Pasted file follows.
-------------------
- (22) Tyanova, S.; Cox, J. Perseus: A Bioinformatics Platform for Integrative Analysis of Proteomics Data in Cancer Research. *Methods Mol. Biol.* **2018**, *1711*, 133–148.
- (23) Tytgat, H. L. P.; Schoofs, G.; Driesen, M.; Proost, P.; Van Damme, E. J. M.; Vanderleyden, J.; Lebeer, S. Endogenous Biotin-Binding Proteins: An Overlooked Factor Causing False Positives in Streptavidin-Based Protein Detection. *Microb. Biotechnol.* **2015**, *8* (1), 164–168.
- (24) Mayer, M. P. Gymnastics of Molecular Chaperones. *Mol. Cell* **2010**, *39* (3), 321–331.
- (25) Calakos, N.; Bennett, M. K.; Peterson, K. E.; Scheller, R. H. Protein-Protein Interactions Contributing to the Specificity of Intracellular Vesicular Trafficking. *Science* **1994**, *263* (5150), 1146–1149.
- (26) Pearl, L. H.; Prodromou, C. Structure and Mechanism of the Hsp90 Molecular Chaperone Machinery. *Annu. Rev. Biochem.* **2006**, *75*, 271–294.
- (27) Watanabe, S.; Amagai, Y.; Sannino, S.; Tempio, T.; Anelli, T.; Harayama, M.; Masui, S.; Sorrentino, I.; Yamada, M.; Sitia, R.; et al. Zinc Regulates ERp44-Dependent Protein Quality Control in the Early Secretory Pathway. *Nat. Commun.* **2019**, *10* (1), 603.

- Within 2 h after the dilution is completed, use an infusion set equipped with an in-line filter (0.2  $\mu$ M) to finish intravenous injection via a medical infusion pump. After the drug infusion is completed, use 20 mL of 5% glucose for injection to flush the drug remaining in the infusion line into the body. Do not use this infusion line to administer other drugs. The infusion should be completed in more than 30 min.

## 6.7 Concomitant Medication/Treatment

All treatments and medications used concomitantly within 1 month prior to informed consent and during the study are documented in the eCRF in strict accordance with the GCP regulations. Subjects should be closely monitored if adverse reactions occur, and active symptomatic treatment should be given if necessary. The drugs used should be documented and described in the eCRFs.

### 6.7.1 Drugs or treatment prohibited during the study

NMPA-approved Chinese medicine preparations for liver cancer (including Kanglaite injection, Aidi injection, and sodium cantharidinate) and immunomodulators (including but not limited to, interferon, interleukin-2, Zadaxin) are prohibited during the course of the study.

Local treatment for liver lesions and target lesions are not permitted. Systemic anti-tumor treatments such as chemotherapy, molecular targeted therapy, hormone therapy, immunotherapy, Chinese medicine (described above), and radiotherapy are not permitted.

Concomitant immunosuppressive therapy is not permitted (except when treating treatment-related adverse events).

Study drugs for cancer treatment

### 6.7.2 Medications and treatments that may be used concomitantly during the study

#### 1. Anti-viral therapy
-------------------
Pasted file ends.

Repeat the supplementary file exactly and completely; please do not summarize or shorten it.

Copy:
- (22) Tyanova, S.; Cox, J. Perseus: A Bioinformatics Platform for Integrative Analysis of Proteomics Data in Cancer Research. *Methods Mol. Biol.* **2018**, *1711*, 133–148.
- (23) Tytgat, H. L. P.; Schoofs, G.; Driesen, M.; Proost, P.; Van Damme, E. J. M.; Vanderleyden, J.; Lebeer, S. Endogenous Biotin-Binding Proteins: An Overlooked Factor Causing False Positives in Streptavidin-Based Protein Detection. *Microb. Biotechnol.* **2015**, *8* (1), 164–168.
- (24) Mayer, M. P. Gymnastics of Molecular Chaperones. *Mol. Cell* **2010**, *39* (3), 321–331.
- (25) Calakos, N.; Bennett, M. K.; Peterson, K. E.; Scheller, R. H. Protein-Protein Interactions Contributing to the Specificity of Intracellular Vesicular Trafficking. *Science* **1994**, *263* (5150), 1146–1149.
- (26) Pearl, L. H.; Prodromou, C. Structure and Mechanism of the Hsp90 Molecular Chaperone Machinery. *Annu. Rev. Biochem.* **2006**, *75*, 271–294.
- (27) Watanabe, S.; Amagai, Y.; Sannino, S.; Tempio, T.; Anelli, T.; Harayama, M.; Masui, S.; Sorrentino, I.; Yamada, M.; Sitia, R.; et al. Zinc Regulates ERp44-Dependent Protein Quality Control in the Early Secretory Pathway. *Nat. Commun.* **2019**, *10* (1), 603.

- Within 2 h after the dilution is completed, use an infusion set equipped with an in-line filter (0.2  $\mu$ M) to finish intravenous injection via a medical infusion pump. After the drug infusion is completed, use 20 mL of 5% glucose for injection to flush the drug remaining in the infusion line into the body. Do not use this infusion line to administer other drugs. The infusion should be completed in more than 30 min.

## 6.7 Concomitant Medication/Treatment

All treatments and medications used concomitantly within 1 month prior to informed consent and during the study are documented in the eCRF in strict accordance with the GCP regulations. Subjects should be closely monitored if adverse reactions occur, and active symptomatic treatment should be given if necessary. The drugs used should be documented and described in the eCRFs.

### 6.7.1 Drugs or treatment prohibited during the study

NMPA-approved Chinese medicine preparations for liver cancer (including Kanglaite injection, Aidi injection, and sodium cantharidinate) and immunomodulators (including but not limited to, interferon, interleukin-2, Zadaxin) are prohibited during the course of the study.

Local treatment for liver lesions and target lesions are not permitted. Systemic anti-tumor treatments such as chemotherapy, molecular targeted therapy, hormone therapy, immunotherapy, Chinese medicine (described above), and radiotherapy are not permitted.

Concomitant immunosuppressive therapy is not permitted (except when treating treatment-related adverse events).

Study drugs for cancer treatment

### 6.7.2 Medications and treatments that may be used concomitantly during the study

#### 1. Anti-viral therapy